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Out of Stock

The Warehouse in the History of Capitalism

Out of Stock

The Warehouse in the History of Capitalism

In Out of Stock, Dara Orenstein delivers an ambitious and engrossing account of that most generic and underappreciated site in American commerce and industry: the warehouse. She traces the progression from the nineteenth century’s bonded warehouses to today’s foreign-trade zones, enclaves where goods can be simultaneously on US soil and off US customs territory. Orenstein contends that these zones—nearly 800 of which are scattered across the country—are emblematic of why warehouses have begun to supplant factories in the age of Amazon and Walmart. Circulation is so crucial to the logistics of how and where goods are made that it is increasingly inseparable from production, to the point that warehouses are now some of the most pivotal spaces of global capitalism. Drawing from cultural geography, cultural history, and political economy, Out of Stock nimbly demonstrates the centrality of warehouses for corporations, workers, cities, and empires.
 

352 pages | 93 halftones | 6 x 9 | © 2019

Architecture: American Architecture

Economics and Business: Economics--History

Geography: Economic Geography

History: American History, History of Ideas

Reviews

“Orenstein’s brilliant book must be read widely. Through meticulous research into the rise of special zones that allow offshore economic activity to take place within US territory, Orenstein challenges our most basic assumptions about national space and capitalist time, about the infrastructures of law and the border, and about violence. This landmark historical work offers tremendous empirical insight into conceptual questions at the center of contemporary debate.”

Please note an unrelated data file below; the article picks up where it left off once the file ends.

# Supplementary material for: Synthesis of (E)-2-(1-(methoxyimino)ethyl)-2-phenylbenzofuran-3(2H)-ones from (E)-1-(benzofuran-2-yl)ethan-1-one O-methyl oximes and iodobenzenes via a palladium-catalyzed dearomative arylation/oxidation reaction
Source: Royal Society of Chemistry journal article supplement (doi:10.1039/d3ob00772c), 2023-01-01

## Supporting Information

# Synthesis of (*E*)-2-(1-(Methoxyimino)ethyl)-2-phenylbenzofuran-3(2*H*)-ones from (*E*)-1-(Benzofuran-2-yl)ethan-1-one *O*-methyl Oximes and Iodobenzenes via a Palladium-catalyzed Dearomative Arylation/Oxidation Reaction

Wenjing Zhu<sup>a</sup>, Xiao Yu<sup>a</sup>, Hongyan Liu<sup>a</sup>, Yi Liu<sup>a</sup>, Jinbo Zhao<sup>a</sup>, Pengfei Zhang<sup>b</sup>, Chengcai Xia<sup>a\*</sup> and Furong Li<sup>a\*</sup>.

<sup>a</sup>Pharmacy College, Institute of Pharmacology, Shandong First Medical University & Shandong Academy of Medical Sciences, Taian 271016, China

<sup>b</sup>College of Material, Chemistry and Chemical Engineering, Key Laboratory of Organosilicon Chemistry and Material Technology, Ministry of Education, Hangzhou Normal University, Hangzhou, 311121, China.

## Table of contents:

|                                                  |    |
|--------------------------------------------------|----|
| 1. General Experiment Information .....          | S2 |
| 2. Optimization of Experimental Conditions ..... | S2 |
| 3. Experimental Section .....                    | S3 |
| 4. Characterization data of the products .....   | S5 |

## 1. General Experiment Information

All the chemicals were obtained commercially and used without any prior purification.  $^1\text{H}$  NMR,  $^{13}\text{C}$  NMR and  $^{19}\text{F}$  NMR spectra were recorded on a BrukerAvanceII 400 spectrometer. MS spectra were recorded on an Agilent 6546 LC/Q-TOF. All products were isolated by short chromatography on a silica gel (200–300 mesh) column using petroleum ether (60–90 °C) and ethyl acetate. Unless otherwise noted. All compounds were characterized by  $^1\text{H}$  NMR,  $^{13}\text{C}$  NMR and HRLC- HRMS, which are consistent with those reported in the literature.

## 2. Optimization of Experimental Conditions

Deborah Cowen, University of Toronto

“I want to thank Dara Orenstein for a wonderful exploration of modern political economy. Out of Stock is an unusually smart, highly engaged, and fittingly sophisticated account of capital’s morphologies over the past two hundred years, composed, what’s more, with an attention to style that reminds us that scholarship is as much a literary genre as an empirical effort, and that these can and should complement each other.”

Michael Zakim, Tel Aviv University

“By focusing on the history of the warehouse, Orenstein has excavated the surprising historical origins of a crucial cog in contemporary capitalism, without which today’s global supply chains and assembly lines would not be possible. Truly interdisciplinary and beautifully constructed, Out of Stock is a one-of-a-kind book.”

Jonathan Levy, University of Chicago

“Recommended. The book is fascinating in its capacity to find the poetic in the prosaic.”

Choice

Table of Contents

Introduction: “My Brain Hurt Like a Warehouse”

Chapter One: Flow, or Fixity in Motion: The Warehouse
Chapter Two: Security and Securitization: The Bonded Warehouse
Chapter Three: Imperium in Imperio: The Freihafen, the Zollverein, and the Empire of Logistics
Chapter Four: What We Talk about When We Talk about Manufacturing: The Foreign-Trade Zone
Chapter Five: “Plant Your Plant at a Home Away from Home, at Home”: The Subzone

Conclusion: Free Shipping!

Acknowledgments
Notes
Index

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